* Rusman Husain who is a graduate of Georgetown University, Washington DC is a keen observer  of Malaysian politics. This article is in response to my request for his take on the forthcoming  May 9 GE-14 in Malaysia, which has been described as an epic battle between Dr. Mahathir Mohamad and UMNO President Najib Razak for the mandate to form the next Government in Malaysia. Rusman is more optimistic than I about who will emerge the GE-14 Victor.–Din Merican

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Graduates of the UMNO School of Politics, Anwar Ibrahim and Najib Razak with their Political Master Yoda, Dr. Mahathir Mohamad–A Twist of Fate for Malaysia

Like it or not, the 14th general election is the Waterloo of Najib—–with no escape. The furor that he and his inner circle have caused—-due to years of global gargantuan corruption—-will circle in to close down all his options across the board. In this sense, a post Najib era has begun, and a new Mahathirist and Anwar rapproachment has started in earnest.–Rusman Husain

Najib Razak has been at the helm of Malaysia since April 2009. What is exceptional about his arrival as the sixth Prime Minister of Malaysia is not much that he could climb the splippery pole of UMNO politics. Rather he didn’t do much at all to get to the top.

When his father passed away in 1976, Najib, who was studying in University of Nottingham in England, returned to Pekan, Pahang, to assume the parliamentary position of Tun Abdul Razak. The latter had been a household name in Malaysian politics due to the extent to which he helped the Malays, often by parceling lands to local farmers.

When Anwar Ibrahim, the president of UMNO Youth stepped to the fore to be the deputy president of UMNO, effectively allowing Anwar to first serve as the Deputy Prime Minister, Najib filled the lacunae left by Anwar in UMNO Youth. Invariably, when Abdullah Badawi resigned as the  Prime Minister of Malaysia in 2009, after experiencing a heavy electoral loss in 2008, Najib stepped up to the plate. The whole process of shoving and pushing Abdullah down was triggered by Muhyiddin Yassin, who is now one of the opposition stalwarts who have joined forces with Mahathir and Anwar to thwart Najib from winning another five year term on May 9 2018. Even still – as Prime Minister he waited until the very last minute, twice, to call an election, rather than aggressively going to the polls when he probably had a greater advantage.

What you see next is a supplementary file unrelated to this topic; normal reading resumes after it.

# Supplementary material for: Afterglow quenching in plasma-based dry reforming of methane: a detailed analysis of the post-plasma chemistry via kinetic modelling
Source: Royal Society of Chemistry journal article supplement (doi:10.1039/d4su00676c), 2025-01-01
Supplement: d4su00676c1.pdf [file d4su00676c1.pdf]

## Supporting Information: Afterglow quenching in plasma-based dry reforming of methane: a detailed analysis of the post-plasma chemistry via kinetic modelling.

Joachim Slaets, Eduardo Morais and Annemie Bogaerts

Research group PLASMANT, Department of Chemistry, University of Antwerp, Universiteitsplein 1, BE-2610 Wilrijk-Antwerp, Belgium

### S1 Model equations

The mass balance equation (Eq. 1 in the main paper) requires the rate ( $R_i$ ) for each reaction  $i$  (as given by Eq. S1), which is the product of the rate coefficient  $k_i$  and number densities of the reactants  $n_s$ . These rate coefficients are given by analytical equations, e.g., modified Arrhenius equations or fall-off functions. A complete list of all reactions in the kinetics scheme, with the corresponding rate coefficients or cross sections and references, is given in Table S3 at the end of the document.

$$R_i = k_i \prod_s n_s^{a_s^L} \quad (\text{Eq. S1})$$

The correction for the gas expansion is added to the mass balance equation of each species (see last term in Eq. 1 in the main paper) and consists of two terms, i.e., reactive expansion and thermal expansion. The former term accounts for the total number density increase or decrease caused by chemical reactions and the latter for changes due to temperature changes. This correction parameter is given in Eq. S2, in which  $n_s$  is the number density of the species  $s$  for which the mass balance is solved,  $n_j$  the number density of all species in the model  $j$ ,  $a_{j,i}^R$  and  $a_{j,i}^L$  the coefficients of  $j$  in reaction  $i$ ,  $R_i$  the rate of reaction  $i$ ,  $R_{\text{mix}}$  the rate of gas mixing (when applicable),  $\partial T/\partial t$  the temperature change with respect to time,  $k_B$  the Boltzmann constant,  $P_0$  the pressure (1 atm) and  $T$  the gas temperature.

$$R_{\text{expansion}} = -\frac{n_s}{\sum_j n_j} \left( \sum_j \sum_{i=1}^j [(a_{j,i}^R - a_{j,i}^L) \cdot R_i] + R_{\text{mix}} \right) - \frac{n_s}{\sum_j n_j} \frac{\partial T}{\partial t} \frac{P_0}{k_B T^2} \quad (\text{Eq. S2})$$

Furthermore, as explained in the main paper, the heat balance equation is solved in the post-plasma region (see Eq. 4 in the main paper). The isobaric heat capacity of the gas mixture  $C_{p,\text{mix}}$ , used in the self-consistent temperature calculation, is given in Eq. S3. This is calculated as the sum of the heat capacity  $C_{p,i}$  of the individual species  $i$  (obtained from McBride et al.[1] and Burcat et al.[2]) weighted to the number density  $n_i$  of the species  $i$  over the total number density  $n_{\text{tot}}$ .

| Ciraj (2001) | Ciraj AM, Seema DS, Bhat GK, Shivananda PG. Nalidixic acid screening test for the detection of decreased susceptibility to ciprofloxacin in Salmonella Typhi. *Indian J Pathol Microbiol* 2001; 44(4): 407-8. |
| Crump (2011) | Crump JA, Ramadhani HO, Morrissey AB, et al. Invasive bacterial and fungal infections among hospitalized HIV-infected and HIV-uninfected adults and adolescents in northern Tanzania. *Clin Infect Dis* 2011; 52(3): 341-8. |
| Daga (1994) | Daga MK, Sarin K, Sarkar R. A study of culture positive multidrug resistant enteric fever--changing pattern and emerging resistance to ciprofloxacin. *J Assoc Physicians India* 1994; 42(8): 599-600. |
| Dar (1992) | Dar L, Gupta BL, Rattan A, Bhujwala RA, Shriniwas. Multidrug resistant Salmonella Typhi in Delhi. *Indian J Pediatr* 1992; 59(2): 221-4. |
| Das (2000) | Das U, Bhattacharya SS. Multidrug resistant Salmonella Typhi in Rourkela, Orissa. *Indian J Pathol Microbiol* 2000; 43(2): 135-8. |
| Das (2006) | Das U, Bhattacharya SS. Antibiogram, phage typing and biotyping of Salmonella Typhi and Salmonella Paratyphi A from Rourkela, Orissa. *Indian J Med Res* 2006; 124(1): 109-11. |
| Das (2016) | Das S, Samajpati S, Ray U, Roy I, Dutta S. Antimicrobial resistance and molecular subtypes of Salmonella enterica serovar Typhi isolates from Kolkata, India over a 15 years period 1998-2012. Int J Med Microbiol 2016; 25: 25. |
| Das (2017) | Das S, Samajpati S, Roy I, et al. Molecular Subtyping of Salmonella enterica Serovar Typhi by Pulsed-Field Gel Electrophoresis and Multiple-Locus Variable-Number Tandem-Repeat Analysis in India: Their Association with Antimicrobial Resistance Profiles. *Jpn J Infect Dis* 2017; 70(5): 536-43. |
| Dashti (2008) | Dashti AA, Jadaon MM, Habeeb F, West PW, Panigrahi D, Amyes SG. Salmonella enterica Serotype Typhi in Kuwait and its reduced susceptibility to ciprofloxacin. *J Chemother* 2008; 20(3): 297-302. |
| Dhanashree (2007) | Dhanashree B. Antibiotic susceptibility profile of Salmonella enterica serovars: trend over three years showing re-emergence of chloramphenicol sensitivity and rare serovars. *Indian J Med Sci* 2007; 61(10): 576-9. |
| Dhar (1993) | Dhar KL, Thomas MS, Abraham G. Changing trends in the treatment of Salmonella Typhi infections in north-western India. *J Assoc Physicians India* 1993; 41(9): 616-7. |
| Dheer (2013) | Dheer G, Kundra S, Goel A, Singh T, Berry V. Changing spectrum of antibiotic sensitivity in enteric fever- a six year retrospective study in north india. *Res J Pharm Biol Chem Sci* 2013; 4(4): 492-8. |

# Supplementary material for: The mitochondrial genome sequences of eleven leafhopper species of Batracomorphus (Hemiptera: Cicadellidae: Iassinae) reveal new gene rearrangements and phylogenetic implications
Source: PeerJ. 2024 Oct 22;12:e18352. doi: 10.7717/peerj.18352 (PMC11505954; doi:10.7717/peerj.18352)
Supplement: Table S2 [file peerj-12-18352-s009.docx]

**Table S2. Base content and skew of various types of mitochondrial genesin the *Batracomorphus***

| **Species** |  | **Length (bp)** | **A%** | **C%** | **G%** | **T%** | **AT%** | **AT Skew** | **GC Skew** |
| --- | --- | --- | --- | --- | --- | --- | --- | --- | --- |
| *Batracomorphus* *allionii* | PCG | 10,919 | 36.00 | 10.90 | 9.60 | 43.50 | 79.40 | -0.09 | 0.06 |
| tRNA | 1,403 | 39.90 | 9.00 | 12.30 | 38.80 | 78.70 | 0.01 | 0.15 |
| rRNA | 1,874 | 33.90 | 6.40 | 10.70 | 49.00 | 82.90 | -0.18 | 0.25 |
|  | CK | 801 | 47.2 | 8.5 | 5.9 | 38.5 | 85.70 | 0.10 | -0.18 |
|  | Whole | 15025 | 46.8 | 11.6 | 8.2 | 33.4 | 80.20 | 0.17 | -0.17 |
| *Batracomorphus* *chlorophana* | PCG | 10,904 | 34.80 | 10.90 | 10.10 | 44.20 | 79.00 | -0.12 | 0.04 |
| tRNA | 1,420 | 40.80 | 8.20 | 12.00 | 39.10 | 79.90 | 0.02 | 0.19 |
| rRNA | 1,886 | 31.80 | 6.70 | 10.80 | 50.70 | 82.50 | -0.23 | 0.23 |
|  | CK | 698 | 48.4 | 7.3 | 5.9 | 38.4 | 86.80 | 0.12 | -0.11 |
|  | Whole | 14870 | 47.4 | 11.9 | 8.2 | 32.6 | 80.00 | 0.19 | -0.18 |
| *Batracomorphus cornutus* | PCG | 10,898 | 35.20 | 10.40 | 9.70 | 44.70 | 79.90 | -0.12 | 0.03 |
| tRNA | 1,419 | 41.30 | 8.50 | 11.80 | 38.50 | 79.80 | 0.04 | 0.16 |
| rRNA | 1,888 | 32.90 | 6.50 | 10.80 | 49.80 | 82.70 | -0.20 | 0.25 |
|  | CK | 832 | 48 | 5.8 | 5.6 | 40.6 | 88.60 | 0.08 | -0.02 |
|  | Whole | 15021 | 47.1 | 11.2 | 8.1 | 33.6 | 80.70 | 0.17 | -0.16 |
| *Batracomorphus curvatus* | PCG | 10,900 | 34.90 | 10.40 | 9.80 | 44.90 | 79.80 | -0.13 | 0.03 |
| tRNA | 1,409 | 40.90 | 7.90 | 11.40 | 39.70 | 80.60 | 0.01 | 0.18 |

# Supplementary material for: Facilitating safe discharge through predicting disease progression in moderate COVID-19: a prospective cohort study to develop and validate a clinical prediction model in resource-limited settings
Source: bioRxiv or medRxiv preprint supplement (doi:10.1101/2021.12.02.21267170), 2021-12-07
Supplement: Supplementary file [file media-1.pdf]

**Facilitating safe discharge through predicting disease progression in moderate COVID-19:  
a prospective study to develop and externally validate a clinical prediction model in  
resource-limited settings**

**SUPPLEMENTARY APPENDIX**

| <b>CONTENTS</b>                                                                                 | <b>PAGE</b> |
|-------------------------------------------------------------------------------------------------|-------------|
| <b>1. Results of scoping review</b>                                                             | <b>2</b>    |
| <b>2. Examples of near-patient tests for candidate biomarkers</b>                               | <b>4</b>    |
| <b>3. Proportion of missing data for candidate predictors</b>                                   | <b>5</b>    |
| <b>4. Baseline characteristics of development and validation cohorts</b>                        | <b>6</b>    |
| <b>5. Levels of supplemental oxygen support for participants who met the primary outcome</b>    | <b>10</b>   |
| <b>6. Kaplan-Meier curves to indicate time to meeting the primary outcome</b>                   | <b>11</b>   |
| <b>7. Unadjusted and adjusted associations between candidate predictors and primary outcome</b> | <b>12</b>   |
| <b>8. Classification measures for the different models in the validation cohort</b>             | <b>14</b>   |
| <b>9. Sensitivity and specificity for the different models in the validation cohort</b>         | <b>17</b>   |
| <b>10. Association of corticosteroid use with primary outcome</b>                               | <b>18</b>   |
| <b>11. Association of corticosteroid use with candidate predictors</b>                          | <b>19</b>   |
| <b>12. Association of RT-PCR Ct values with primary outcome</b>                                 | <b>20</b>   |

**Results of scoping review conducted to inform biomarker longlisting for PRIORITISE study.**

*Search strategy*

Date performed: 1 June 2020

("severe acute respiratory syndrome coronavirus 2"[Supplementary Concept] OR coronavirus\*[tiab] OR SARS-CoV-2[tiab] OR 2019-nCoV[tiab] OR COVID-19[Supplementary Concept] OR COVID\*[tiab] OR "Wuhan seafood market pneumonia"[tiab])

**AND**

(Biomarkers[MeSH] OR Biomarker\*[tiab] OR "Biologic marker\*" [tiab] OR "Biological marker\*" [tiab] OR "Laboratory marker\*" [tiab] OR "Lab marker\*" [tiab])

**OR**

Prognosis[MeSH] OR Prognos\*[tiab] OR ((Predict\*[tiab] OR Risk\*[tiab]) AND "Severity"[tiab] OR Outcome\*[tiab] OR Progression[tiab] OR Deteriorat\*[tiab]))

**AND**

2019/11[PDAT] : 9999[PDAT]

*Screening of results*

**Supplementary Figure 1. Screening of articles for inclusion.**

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Shaariibuugiin Altantuyaa (Mongolian language: Шаарийбуугийн Алтантуяа; sometimes also Altantuya Shaariibuu; 1978 – 2006), a Mongolian national, was a murder victim who was either murdered by C-4 explosives or was somehow killed first and her remains destroyed with C-4 in October 2006 in a deserted area in Shah Alam, Malaysia near Kuala Lumpur. READ ON:

Thus, in a political career spanning more than 40 years, Najib has had the good fortune of filling up key positions that had otherwise been made vacant by the passing and resignation of his political superiors. More incredibly, Najib was able to survive all charges of criminal complicity in the death of a Mongolian model, whose body was detonated into smithereens with C4 explosives.

A long political career shaped by fortuitous circumstances and survival, indeed back room maneuvers, is not one to be chafed at. Najib commands the human networks, and financial resources, to make his lieutenants stay true to him. But Najib is weakened by four factors that many analysts tend to forget.